Apartheid works well in creating walls. I had no Palestinian friends; the second Intifada happened when I was in high school. You’re constantly told Palestinians are the enemy; they’re dangerous. But Israel is not only a white supremacist structure against Palestinians; it has within it a hierarchy where Ashkenazi Jews are at the pinnacle. Then you go down the ladder to the Mizrahi, Sephardic, Yemeni Jews, all the way to Ethiopian Jews. We can talk about how they were sterilized, forced to change their names…
Growing up there, I had a hard time with people calling me Jewish. I did not like that. I remember I was in seventh grade and just as I decided I’m an atheist, I was forced to do my bar mitzvah. Since leaving Israel, I’ve developed a more welcoming notion of Jewishness and how I define myself as Jewish.
When my father found out I was gay – by looking through my computer – he wanted me to go to a sex therapist because “one good fuck would cure me,” and to a therapist who could “cure away the gay.” I’m also the only member of my family not to serve in the Israeli military. At the time I was supposed to enlist, I was severely depressed – it’s the best thing that’s ever happened to me. I wish I could say I took more of a stand, but military service was very important to my father, so being able to get out of it through mental health reasons was a way to stand up to him and the IDF.
I was reading an article on pinkwashing the other day that reminded me of this Israeli dating website I used to use. Profile after profile – like 80% of people – said basically that if you didn’t serve in the IDF, then I’m not interested in you.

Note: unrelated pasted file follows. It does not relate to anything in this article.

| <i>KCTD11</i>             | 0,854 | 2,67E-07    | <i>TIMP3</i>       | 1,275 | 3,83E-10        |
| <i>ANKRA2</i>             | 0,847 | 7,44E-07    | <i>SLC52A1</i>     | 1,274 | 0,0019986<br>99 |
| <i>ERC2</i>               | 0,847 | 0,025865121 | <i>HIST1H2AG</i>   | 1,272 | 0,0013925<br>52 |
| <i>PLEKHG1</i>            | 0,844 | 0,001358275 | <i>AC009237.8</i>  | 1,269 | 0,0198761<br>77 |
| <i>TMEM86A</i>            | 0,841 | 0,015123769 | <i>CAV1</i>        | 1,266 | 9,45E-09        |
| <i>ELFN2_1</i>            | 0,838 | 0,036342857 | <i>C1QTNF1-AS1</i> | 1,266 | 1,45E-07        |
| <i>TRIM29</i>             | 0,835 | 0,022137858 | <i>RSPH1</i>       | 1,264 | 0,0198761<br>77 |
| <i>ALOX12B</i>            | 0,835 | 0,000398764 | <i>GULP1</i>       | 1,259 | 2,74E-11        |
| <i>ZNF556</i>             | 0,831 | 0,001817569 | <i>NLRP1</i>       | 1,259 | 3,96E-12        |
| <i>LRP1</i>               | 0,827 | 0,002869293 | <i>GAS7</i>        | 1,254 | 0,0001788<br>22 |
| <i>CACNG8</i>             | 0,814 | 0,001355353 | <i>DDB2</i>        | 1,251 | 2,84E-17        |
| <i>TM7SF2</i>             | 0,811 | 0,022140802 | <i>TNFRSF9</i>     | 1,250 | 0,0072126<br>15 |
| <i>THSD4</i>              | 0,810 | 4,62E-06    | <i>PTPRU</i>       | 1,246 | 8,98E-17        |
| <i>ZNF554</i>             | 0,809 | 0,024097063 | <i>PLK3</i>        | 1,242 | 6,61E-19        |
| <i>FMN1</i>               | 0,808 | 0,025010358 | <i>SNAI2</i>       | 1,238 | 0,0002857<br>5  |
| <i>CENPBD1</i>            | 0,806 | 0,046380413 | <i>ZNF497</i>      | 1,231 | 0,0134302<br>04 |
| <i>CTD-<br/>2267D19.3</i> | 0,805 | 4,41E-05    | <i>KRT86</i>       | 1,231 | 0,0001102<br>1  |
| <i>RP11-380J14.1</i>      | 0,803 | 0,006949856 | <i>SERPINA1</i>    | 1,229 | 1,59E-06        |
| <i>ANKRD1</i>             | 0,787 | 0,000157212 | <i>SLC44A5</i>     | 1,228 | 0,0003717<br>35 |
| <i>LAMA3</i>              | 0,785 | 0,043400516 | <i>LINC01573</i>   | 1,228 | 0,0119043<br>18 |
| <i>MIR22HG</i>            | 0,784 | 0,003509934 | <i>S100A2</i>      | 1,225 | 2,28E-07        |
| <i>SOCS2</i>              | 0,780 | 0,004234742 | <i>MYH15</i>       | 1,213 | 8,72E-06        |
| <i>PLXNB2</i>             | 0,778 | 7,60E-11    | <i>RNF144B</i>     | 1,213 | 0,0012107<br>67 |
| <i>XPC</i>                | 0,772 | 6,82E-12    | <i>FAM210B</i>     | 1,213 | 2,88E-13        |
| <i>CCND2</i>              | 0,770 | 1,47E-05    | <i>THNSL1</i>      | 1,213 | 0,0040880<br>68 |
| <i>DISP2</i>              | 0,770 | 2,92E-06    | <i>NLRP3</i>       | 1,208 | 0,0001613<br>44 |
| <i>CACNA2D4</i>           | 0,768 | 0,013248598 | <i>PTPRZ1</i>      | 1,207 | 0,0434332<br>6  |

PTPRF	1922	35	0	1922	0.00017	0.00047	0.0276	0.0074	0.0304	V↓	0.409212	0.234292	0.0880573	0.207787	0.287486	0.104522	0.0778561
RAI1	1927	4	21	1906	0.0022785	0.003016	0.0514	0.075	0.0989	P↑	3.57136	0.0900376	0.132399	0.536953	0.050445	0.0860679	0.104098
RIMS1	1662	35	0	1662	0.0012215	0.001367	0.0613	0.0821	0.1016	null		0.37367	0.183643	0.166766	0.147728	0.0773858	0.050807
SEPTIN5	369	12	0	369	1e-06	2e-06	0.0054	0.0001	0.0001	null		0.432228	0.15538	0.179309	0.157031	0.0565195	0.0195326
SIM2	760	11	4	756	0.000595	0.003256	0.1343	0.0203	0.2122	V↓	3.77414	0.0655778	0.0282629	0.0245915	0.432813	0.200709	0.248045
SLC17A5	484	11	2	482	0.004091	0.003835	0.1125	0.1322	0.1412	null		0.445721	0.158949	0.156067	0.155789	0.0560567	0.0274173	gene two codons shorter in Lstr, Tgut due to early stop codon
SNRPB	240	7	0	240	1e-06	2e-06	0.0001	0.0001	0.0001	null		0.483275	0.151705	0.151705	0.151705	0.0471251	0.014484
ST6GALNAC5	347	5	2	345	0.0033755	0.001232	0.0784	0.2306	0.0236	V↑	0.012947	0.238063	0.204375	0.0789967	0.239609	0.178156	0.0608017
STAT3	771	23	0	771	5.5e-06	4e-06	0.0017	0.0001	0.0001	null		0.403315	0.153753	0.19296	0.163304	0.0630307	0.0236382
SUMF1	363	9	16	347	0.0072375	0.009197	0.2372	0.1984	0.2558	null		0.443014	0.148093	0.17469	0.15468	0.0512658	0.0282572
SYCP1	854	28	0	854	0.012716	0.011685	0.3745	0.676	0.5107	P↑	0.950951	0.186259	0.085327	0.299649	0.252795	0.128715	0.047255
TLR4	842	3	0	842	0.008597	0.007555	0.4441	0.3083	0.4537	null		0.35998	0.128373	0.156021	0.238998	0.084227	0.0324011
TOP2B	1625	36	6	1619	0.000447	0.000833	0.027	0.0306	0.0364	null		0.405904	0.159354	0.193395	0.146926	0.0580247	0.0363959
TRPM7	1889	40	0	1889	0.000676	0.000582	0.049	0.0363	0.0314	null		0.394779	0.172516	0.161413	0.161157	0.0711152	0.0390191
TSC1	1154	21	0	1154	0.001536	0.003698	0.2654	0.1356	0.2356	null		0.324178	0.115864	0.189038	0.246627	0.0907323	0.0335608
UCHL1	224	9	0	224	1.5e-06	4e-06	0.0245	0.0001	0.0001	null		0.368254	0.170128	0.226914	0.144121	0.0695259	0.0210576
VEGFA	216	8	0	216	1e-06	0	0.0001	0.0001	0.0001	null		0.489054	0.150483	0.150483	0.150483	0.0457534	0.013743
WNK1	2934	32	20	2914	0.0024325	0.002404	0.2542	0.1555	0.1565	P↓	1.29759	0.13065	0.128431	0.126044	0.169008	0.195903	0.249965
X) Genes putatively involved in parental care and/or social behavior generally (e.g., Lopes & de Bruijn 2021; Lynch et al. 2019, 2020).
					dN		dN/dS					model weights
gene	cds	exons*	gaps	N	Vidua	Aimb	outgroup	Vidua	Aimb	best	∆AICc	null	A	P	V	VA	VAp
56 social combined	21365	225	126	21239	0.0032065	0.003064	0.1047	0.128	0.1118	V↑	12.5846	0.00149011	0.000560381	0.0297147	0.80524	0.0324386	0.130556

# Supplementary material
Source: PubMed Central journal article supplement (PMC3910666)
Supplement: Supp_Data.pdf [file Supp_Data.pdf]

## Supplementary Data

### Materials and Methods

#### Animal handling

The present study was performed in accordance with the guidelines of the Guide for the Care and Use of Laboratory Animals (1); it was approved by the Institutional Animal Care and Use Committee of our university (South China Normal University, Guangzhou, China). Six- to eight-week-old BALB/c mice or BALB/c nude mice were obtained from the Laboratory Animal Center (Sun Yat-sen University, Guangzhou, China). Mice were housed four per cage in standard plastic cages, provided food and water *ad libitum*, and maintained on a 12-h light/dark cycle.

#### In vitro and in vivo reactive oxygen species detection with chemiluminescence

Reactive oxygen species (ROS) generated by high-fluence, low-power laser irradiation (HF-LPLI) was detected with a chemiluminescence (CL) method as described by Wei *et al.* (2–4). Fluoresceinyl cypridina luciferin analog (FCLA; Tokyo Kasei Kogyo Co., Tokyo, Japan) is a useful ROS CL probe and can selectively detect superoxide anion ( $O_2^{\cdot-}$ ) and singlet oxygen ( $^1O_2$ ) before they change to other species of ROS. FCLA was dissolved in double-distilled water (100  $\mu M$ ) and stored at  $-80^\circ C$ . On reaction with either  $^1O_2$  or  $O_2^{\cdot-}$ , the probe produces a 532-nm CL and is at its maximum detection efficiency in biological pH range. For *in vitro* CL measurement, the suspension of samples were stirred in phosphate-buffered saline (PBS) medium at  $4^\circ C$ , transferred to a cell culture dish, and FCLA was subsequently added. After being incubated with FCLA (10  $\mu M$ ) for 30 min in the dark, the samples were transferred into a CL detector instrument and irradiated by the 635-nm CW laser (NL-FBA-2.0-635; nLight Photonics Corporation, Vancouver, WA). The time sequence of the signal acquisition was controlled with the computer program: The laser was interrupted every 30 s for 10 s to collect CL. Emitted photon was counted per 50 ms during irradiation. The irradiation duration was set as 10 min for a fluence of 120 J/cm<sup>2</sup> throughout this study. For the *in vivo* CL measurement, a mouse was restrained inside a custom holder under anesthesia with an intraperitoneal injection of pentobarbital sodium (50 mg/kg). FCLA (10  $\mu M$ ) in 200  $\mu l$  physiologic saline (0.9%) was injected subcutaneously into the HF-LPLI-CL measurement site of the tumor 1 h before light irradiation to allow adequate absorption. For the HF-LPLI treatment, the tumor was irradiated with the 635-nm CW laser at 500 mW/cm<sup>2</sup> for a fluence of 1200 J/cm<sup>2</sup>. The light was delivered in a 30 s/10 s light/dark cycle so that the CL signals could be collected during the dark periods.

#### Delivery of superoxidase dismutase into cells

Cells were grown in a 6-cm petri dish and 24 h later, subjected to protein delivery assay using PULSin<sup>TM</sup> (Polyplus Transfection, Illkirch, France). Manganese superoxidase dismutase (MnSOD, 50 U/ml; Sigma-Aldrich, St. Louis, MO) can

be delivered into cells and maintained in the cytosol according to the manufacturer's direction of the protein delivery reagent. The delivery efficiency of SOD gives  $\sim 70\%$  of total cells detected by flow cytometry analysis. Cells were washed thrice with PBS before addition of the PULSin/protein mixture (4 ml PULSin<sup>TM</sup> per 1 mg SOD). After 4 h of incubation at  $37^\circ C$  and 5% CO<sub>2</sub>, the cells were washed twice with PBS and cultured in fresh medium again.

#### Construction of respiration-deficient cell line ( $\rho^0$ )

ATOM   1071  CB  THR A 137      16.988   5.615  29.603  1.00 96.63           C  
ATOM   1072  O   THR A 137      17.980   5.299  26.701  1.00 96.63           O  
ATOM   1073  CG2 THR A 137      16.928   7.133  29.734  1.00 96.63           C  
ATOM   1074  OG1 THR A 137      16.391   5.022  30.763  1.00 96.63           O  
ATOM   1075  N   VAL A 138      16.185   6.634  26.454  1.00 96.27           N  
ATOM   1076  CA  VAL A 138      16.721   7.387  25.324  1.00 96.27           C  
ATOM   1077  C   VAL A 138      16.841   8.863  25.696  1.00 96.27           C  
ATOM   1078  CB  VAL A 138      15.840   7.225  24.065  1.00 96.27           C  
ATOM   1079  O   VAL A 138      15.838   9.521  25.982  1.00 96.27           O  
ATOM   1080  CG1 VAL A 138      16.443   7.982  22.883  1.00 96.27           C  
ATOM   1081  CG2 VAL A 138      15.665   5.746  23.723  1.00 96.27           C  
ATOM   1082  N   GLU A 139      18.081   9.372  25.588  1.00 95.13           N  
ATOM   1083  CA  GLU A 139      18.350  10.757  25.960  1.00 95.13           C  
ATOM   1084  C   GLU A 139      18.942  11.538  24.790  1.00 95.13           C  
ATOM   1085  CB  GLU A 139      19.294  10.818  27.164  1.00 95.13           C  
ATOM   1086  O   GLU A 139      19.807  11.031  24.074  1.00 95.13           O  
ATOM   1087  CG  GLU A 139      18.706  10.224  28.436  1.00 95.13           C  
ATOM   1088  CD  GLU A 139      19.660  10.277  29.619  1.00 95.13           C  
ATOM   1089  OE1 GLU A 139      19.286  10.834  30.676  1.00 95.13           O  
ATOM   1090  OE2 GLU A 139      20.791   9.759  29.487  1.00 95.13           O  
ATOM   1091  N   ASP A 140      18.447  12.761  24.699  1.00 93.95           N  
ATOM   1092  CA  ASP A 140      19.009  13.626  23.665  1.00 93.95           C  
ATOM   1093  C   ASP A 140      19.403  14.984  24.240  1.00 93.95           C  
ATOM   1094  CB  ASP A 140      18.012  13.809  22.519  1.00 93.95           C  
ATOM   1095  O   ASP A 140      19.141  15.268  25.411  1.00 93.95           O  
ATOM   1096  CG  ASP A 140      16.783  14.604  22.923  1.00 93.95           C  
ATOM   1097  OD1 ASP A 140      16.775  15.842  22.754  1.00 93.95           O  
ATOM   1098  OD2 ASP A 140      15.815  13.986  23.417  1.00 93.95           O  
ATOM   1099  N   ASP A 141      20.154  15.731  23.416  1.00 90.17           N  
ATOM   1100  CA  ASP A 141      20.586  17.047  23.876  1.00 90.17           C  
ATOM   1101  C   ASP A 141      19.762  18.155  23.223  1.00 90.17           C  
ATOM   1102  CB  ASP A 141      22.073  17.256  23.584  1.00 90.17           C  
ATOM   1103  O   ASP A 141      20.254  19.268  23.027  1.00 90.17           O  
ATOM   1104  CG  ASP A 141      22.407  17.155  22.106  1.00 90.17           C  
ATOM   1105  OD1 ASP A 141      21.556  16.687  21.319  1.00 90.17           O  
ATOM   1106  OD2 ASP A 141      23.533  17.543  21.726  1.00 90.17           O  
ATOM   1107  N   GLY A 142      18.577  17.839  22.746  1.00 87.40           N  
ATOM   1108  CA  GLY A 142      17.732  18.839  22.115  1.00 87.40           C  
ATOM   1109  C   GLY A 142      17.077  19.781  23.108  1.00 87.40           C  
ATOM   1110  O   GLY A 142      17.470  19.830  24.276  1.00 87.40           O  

Similarly, here in the States, people will say, “masc 4 masc.” Like, if you’re an effeminate gay, I’m not interested. That’s a lot of internalized homophobia.
I always resented, “Oh you’re from Tel Aviv, the Gay Haven!” That’s pinkwashing bullshit. I’ve also had experiences in the States, where I’ve been fetishized for being Israeli: “Israeli men are so hot.”
Apartheid turns you on? That’s interesting.
I’ve linked #SaveSheikJarrah to my Twitter handle, but
I am not the one to talk on Palestine. You need to listen to what Palestinians are saying now. Mohammed El-Kurd, this Palestinian poet whose family’s facing eviction in Sheik Jarrah, says that there’s more understanding now of what’s happening in Palestine, because there’s more understanding of how Black people are treated in the US. Angela Davis also makes the connections super-clear. But there are better people than me to talk about the Right of Return in Israel – also in the United States.
What do I feel when I talk about this? I feel shame. That’s part of my family legacy and complicity. And I feel rage – I’m not very articulate at the moment. But there’s protests, actions happening now. You just have to keep talking about it. Don’t let this disappear.
Sometimes I’ve had these crystal-clear, AH-HA moments. Like, a year ago, protesting George Floyd’s murder, I saw an NYPD cop car on fire. I thought: This is a painting. Deciding to give up my Israeli citizenship was another AH-HA moment. Part of settler colonialism is winning the demographics. That’s why they don’t allow Right of Return for Palestinians. Renouncing my Israeli citizenship is a way to get at that.
Yes, I’m renouncing it in the USA, capital of settler colonialism. I just got my US citizenship today, in fact. Nothing is perfect. I still have to file the paperwork and I’m not terribly excited about having to go talk to Israelis. But it just feels right, that simple action. No art. I don’t think I’m sacrificing much, so I don’t want to make much of it. It’s just for my soul.
© susie day, 2021
An Indigenous People’s History of the United States:
An Indigenous People’s History of the United States: